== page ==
Pensions Next Target For Cutbacks?

Courthouse workers and other public employees should take notice of a Detroit judge’s ruling that public employee pensions are just contracts, not really guarantees at all. If that ruling is upheld on appeal, it means that funds like the California Public Employee Pension System are not as protected as many thought. In effect, the judge is saying that federal laws trump state assurances.
The Press-Democrat newspaper in Sonoma County is among those offering analysis of the decision, writing in an editorial that “… to cover soaring retirement costs, which in some places are approaching 50 cents on every payroll dollar, cities and counties in California and across the country have laid off workers and slashed spending on parks, street maintenance and other public services. A handful have filed under Chapter 9 of the federal bankruptcy code; others are weighing the possibility”
You already see pensions at issue in the high-profile San Bernardino bankruptcy debate. You also hear whispers that, should public employee pensions be questioned, the issue could be real leverage in the next round of budget negotiations. Read the Press-Democrat editorial, which outlines the issue pretty well, here.

Judicial Pay Hike Continues To Make News

That pay increase for California judges continues to make headlines, especially since the hike will be retroactive back to July 1 and none of the increase was discussed amid decisions to eliminate courthouse jobs. But the raises are virtually mandated by state law, which ties judicial pay increases to the average pay increase received by other state employees.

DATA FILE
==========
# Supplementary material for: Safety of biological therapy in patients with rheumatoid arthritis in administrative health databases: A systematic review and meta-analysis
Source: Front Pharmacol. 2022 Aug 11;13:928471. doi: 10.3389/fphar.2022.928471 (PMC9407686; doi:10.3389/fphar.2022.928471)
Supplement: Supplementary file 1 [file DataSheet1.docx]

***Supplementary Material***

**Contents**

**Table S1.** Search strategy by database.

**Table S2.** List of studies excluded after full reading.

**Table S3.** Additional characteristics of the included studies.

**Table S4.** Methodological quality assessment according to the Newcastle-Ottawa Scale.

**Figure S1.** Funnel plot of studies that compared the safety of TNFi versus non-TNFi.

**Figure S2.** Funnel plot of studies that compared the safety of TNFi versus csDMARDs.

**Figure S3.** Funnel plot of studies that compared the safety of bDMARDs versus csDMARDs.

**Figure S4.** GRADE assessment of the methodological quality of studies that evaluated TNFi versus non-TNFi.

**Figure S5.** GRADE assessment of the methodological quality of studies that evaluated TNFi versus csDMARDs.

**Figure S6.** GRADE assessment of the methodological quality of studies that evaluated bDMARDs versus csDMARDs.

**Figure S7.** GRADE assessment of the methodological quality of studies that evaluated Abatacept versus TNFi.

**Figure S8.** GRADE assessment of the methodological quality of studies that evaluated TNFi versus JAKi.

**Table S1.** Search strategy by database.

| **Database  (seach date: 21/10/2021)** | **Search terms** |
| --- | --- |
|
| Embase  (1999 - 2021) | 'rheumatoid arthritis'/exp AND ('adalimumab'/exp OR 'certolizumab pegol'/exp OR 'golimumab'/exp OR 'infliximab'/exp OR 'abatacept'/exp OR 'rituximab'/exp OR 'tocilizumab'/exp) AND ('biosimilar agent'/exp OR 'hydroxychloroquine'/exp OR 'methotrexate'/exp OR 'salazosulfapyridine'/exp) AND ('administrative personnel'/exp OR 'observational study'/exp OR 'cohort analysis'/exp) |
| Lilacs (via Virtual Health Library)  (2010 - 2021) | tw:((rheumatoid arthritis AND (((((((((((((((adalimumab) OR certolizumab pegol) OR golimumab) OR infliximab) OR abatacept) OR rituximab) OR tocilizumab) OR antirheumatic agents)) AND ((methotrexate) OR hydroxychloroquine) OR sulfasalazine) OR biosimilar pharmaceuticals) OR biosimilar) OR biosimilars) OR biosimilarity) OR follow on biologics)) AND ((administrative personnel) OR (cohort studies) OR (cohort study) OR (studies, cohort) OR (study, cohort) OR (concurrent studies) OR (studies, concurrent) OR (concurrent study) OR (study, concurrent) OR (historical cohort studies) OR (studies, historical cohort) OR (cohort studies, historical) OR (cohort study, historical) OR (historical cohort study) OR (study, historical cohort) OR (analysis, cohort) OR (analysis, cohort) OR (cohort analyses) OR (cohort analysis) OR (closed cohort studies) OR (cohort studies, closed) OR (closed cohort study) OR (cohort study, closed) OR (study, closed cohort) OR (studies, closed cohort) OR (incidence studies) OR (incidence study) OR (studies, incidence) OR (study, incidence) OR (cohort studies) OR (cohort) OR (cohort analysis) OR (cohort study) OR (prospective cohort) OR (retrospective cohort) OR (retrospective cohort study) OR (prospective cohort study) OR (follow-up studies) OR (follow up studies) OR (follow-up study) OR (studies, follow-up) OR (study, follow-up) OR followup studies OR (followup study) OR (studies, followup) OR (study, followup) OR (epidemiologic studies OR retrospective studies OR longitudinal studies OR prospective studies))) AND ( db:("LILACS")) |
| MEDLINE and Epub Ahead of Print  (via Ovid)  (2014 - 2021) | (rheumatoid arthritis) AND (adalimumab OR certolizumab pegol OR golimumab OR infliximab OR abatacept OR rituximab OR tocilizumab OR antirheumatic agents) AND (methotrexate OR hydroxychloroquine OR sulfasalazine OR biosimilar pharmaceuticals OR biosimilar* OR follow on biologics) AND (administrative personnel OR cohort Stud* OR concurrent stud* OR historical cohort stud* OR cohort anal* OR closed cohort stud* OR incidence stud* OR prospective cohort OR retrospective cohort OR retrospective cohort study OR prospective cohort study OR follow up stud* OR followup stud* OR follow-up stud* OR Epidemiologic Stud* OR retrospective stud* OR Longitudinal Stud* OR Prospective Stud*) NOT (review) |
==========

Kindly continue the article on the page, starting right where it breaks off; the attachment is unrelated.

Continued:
That same law means the judges could be in line for a 4.5 percent pay increase by the middle of 2015, even if none of the eliminated court jobs are ever reinstated. Even with the state law and the fact that judges have not gotten a pay raise since 2007. Superior Court judges earn $178,789 per yea, and that’s going to $181,292. Justices on the appeals court will get bumped to $207,463, up from $204,599.
The pay increase will also have a cascading effect in San Diego and several other counties, where the pay for members of the county Board of Supervisors is tied to the pay of judges.
There’s a good story about the raises, and ties to county supervisor pay, at the U-T San Diego website here.

Gov. names 8 New L.A. Superior Court Judges

Gov. Brown has named eight new Los Angeles County Superior Court judges among 18 judicial choices statewide, the governor’s office announced. In L.A. County, the new judges are Deborah S. Brazil, Carl H. Moor, Connie R. Quinones, Armen Tamzarian, Sergio C. Tapia, Lee W. Tsao, Frank M. Tavelman and Joel Wallenstein.
Superior Court judgeships pay $181,292 in California. For bios on the L.A. choices, check out The Courthouse News here.

Supreme Court Ranked As Nation’s Most Open

That move last year to post state Supreme Court judges’ financial records online has led to a top national ranking for California, although our “letter grade” was only a C. The Washington, D.C. based Center for Public Integrity awarded 43 sates an F.
Howard Mintz at the Contra Costa Times reported that “… California’s Supreme Court received particularly high marks for making financial information readily available to the public, the result of a move last year by the state’s Fair Political Practices Commission to require all of the state’s judges to post their financial information online. Some judges around the state had opposed the requirement, but it helped separate California from other less open states.” He also noted that little dust-up involving one justice who voted in favor of Wells Fargo even though she owned “between $100,000 and $1 million” worth of the bank’s stock.
California was also praised for the way it selects supreme court justices, who only face a “recall” election every 12 years as opposed to states that elect judges in head-to-head elections. Read the full report here.

Federal court to video-stream most important cases